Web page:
Buzz over China's new prototype warship

Chinese navy sailors at a naval base in Hong Kong (file photo) China has worked to enhance its naval capability in recent years

Related Stories

Over recent weeks China defence bloggers have been excited by the emergence of pictures of what appears to be a new class of guided missile destroyer for the Chinese Navy.

The hazy pictures on the blogs suggest that one of the vessels - dubbed the PLAN 052D - was launched at the end of last month. At least two others are already under construction.

Chinese warship design tends to evolve gradually. Here the PLAN 052D is no exception - it bears clear links to its predecessor, the 052C.

But it differs in important respects to the extent that many analysts believe what we are seeing is the first of what could be a series of new Chinese warships that could form the backbone of its fleet.

Prof James Holmes, a China-watcher at the US Naval War College, says the chief significance of the new vessel "is that China appears to have settled on a design for a top-of-the-line guided-missile destroyer after a lengthy period of 'fleet experimentation' - a gestation period, if you will".

"The PLA Navy has made a habit of building a couple of copies of each design, taking them to sea, identifying their faults and strengths, and incorporating the lessons learned into future designs," he says.

Start Quote

Let's keep in mind that China operates its fleet almost entirely within range of shore-based anti-ship missiles, fighter aircraft, and ships like patrol craft and submarines”

End Quote Prof James Holmes US Naval War College

"Evidently Beijing is satisfied it has learned enough to go into mass production, if indeed," as he believes, "10 hulls are under construction."

"One hopes it will finally settle the debate about the direction and permanence of Chinese naval power," he adds.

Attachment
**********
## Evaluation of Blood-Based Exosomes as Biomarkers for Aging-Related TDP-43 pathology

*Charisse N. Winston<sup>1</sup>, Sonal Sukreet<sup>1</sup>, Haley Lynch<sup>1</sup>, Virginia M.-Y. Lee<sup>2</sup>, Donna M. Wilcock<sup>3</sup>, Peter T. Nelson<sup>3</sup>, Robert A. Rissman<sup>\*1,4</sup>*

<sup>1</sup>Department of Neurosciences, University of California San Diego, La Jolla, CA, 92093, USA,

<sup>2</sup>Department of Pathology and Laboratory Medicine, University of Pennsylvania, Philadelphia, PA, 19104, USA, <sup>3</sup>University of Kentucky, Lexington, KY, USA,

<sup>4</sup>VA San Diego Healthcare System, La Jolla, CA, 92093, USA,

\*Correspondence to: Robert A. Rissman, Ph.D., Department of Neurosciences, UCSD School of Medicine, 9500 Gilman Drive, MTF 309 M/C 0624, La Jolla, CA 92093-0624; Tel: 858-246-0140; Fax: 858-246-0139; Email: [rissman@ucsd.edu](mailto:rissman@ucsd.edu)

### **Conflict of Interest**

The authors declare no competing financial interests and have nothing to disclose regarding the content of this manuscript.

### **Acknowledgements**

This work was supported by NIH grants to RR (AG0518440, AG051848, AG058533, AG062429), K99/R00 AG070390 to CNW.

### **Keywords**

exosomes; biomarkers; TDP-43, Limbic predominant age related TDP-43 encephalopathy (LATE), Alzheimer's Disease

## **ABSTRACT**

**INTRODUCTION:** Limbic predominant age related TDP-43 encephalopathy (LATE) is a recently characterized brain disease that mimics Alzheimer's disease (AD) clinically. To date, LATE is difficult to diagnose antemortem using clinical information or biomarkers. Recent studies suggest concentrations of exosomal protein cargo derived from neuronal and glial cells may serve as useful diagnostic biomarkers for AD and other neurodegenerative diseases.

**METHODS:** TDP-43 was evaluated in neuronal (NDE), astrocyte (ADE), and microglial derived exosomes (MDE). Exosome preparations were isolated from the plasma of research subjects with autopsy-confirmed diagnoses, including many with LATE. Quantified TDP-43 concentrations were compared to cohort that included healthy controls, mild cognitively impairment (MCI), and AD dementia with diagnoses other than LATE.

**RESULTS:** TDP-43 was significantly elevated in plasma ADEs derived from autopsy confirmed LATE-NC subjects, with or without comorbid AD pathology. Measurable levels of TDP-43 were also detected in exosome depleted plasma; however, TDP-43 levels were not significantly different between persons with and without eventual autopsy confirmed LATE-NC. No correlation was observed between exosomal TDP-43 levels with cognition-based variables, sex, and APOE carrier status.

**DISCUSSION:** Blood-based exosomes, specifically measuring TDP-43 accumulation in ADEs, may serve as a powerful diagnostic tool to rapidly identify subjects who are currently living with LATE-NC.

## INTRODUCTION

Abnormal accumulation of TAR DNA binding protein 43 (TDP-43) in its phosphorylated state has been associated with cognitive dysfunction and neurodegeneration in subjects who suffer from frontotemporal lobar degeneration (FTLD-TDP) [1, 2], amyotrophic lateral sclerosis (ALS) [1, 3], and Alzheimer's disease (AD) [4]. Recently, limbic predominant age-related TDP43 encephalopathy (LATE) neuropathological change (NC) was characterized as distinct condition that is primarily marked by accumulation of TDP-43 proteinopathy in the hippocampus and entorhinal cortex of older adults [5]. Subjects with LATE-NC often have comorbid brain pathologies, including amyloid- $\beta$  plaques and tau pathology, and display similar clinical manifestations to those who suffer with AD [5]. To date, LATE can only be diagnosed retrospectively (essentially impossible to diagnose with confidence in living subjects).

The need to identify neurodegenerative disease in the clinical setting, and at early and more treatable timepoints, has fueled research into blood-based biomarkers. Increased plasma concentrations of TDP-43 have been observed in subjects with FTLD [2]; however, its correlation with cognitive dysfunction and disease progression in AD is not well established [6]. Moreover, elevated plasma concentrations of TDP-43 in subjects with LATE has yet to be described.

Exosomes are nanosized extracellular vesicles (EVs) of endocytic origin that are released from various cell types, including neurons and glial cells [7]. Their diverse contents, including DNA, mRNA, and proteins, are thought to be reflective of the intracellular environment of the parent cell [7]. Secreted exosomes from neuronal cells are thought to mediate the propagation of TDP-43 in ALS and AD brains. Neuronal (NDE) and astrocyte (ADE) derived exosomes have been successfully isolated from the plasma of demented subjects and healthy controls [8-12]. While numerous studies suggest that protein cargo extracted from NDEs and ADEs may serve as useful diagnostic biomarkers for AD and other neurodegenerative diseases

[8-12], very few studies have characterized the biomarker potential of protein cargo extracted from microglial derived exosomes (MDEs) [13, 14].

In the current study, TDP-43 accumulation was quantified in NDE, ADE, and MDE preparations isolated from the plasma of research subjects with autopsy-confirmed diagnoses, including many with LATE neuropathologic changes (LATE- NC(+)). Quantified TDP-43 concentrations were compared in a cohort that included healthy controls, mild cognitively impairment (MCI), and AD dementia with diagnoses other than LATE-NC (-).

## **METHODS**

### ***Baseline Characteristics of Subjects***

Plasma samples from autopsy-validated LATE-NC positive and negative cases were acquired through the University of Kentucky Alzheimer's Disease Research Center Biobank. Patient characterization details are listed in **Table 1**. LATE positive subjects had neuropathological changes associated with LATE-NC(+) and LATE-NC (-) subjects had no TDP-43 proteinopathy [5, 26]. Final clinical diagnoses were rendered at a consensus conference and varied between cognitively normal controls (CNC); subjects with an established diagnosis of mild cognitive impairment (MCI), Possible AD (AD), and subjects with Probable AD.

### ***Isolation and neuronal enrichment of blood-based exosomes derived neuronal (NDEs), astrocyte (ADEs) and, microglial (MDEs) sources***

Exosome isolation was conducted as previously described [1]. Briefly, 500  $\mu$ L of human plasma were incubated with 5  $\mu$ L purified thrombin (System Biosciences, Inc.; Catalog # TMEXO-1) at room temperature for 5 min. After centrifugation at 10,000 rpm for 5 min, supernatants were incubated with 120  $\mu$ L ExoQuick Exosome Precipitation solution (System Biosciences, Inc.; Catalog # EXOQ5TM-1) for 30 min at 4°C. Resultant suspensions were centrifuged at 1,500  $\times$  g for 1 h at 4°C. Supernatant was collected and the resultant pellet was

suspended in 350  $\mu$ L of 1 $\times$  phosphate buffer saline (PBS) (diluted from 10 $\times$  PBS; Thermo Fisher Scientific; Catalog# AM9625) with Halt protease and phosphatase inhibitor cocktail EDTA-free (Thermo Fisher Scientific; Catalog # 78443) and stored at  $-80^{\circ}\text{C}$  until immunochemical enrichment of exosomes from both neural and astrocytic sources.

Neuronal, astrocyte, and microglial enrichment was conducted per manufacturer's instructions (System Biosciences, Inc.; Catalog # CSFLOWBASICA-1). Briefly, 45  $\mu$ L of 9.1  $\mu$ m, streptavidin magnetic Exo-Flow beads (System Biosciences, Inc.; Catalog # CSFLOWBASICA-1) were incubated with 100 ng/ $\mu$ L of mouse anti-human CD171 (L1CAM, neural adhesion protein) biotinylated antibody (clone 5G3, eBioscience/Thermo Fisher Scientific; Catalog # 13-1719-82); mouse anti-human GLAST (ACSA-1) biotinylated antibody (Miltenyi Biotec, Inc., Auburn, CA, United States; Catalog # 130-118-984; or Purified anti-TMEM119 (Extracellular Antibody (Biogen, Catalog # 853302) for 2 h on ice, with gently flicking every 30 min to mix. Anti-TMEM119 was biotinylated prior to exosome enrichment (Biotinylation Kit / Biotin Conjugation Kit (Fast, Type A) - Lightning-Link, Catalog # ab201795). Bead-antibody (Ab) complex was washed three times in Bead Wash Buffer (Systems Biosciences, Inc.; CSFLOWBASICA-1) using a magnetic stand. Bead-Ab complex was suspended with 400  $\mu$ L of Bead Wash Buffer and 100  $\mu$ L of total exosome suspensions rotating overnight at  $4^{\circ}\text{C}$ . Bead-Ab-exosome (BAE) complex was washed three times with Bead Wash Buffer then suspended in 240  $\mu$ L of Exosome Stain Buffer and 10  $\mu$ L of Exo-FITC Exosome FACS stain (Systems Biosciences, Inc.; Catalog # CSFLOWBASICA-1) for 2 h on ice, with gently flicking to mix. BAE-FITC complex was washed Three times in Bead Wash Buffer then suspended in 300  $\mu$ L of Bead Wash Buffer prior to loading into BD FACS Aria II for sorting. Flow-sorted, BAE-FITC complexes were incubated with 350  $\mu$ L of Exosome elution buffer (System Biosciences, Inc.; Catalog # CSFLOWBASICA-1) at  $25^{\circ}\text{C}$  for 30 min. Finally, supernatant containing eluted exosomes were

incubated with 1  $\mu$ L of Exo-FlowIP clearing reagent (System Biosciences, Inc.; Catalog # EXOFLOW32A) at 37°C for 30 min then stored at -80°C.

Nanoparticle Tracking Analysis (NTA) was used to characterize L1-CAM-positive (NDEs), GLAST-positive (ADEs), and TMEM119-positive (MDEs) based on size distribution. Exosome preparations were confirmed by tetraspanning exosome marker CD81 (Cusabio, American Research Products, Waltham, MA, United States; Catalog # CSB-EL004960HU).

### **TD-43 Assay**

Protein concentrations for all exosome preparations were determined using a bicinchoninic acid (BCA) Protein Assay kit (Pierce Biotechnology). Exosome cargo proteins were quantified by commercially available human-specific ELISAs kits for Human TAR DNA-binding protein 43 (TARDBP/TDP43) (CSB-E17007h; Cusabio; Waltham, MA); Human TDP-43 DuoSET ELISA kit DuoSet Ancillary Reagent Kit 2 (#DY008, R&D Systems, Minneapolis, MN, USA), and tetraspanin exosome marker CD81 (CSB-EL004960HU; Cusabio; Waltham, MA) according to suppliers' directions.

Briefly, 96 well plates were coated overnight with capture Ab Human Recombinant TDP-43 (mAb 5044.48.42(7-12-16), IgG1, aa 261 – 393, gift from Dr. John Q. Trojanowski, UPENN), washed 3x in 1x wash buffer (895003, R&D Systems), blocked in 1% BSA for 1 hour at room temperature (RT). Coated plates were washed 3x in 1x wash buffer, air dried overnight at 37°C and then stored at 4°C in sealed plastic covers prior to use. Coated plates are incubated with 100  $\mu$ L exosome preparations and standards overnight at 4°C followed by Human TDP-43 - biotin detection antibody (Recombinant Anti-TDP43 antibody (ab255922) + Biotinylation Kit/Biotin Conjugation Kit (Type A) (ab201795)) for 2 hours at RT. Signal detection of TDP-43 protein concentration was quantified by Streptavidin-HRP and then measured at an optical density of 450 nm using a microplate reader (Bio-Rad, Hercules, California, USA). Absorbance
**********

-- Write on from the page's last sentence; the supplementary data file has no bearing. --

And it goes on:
There are strong indications, he argues, that the Chinese "believe they've found their standard surface combatant."

This new destroyer could be a central element of Beijing's new blue-water navy.

'Upgraded weapon'

Another observer of Chinese naval affairs is Feng Cao. It was his blogging that first alerted Western defence circles to the new warship design.

He has been making a careful study of Chinese defence publications and displays at trade exhibitions for several years, piecing together clues to the way in which China's naval power is developing.

He is not so sure that the 052D is itself the new vessel. But he explained that it was an important step towards what the Chinese Navy has wanted for years; a capable guided-missile destroyer somewhere in size between the US Navy's Arleigh Burke and Ticonderoga classes.

China navy's Lanzhou destroyer at a parade in Qingdao, east China's Shandong province (file photo) Lanzhou is one of China's serving 052C destroyers

"In a couple of years, we will see a whole new class of surface warship that uses a new propulsion system," he says.

"From the 052C to the 052D, the hull itself really didn't change that much other than moving a couple of things around to fit the new weapon systems and decreasing the radar signature of the ship a little bit. The propulsion system is basically still the same."